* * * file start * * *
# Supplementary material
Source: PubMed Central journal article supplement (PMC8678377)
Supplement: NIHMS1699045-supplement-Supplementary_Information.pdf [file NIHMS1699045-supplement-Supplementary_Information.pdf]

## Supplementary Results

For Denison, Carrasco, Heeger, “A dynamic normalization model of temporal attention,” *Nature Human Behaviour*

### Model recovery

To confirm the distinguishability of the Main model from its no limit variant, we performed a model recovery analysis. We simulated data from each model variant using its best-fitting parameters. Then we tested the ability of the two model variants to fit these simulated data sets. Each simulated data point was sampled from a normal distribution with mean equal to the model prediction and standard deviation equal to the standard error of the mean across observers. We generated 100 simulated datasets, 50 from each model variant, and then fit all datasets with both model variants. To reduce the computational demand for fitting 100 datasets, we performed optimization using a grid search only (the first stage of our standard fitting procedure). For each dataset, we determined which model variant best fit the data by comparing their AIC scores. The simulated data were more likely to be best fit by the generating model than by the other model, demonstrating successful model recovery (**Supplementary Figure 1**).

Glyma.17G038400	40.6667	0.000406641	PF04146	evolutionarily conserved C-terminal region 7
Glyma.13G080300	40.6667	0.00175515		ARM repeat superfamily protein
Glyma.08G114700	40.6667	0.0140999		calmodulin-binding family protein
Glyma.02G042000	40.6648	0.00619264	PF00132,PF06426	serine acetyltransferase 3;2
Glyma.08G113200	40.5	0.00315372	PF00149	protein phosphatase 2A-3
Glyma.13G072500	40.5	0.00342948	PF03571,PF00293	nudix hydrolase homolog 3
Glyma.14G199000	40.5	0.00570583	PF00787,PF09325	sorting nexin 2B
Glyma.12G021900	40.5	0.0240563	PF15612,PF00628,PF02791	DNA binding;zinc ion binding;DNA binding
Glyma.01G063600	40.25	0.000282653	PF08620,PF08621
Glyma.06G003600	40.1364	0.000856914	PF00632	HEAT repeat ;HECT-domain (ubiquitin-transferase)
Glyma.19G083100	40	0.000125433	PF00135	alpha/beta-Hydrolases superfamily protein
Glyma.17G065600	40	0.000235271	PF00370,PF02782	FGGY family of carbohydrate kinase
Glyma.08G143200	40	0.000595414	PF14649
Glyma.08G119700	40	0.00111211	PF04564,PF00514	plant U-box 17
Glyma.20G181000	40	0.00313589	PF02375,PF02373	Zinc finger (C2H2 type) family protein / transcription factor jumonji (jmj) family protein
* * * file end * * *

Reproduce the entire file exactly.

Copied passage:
# Supplementary material
Source: PubMed Central journal article supplement (PMC8678377)
Supplement: NIHMS1699045-supplement-Supplementary_Information.pdf [file NIHMS1699045-supplement-Supplementary_Information.pdf]

## Supplementary Results

For Denison, Carrasco, Heeger, “A dynamic normalization model of temporal attention,” *Nature Human Behaviour*

### Model recovery

To confirm the distinguishability of the Main model from its no limit variant, we performed a model recovery analysis. We simulated data from each model variant using its best-fitting parameters. Then we tested the ability of the two model variants to fit these simulated data sets. Each simulated data point was sampled from a normal distribution with mean equal to the model prediction and standard deviation equal to the standard error of the mean across observers. We generated 100 simulated datasets, 50 from each model variant, and then fit all datasets with both model variants. To reduce the computational demand for fitting 100 datasets, we performed optimization using a grid search only (the first stage of our standard fitting procedure). For each dataset, we determined which model variant best fit the data by comparing their AIC scores. The simulated data were more likely to be best fit by the generating model than by the other model, demonstrating successful model recovery (**Supplementary Figure 1**).

Glyma.17G038400	40.6667	0.000406641	PF04146	evolutionarily conserved C-terminal region 7
Glyma.13G080300	40.6667	0.00175515		ARM repeat superfamily protein
Glyma.08G114700	40.6667	0.0140999		calmodulin-binding family protein
Glyma.02G042000	40.6648	0.00619264	PF00132,PF06426	serine acetyltransferase 3;2
Glyma.08G113200	40.5	0.00315372	PF00149	protein phosphatase 2A-3
Glyma.13G072500	40.5	0.00342948	PF03571,PF00293	nudix hydrolase homolog 3
Glyma.14G199000	40.5	0.00570583	PF00787,PF09325	sorting nexin 2B
Glyma.12G021900	40.5	0.0240563	PF15612,PF00628,PF02791	DNA binding;zinc ion binding;DNA binding
Glyma.01G063600	40.25	0.000282653	PF08620,PF08621
Glyma.06G003600	40.1364	0.000856914	PF00632	HEAT repeat ;HECT-domain (ubiquitin-transferase)
Glyma.19G083100	40	0.000125433	PF00135	alpha/beta-Hydrolases superfamily protein
Glyma.17G065600	40	0.000235271	PF00370,PF02782	FGGY family of carbohydrate kinase
Glyma.08G143200	40	0.000595414	PF14649
Glyma.08G119700	40	0.00111211	PF04564,PF00514	plant U-box 17
Glyma.20G181000	40	0.00313589	PF02375,PF02373	Zinc finger (C2H2 type) family protein / transcription factor jumonji (jmj) family protein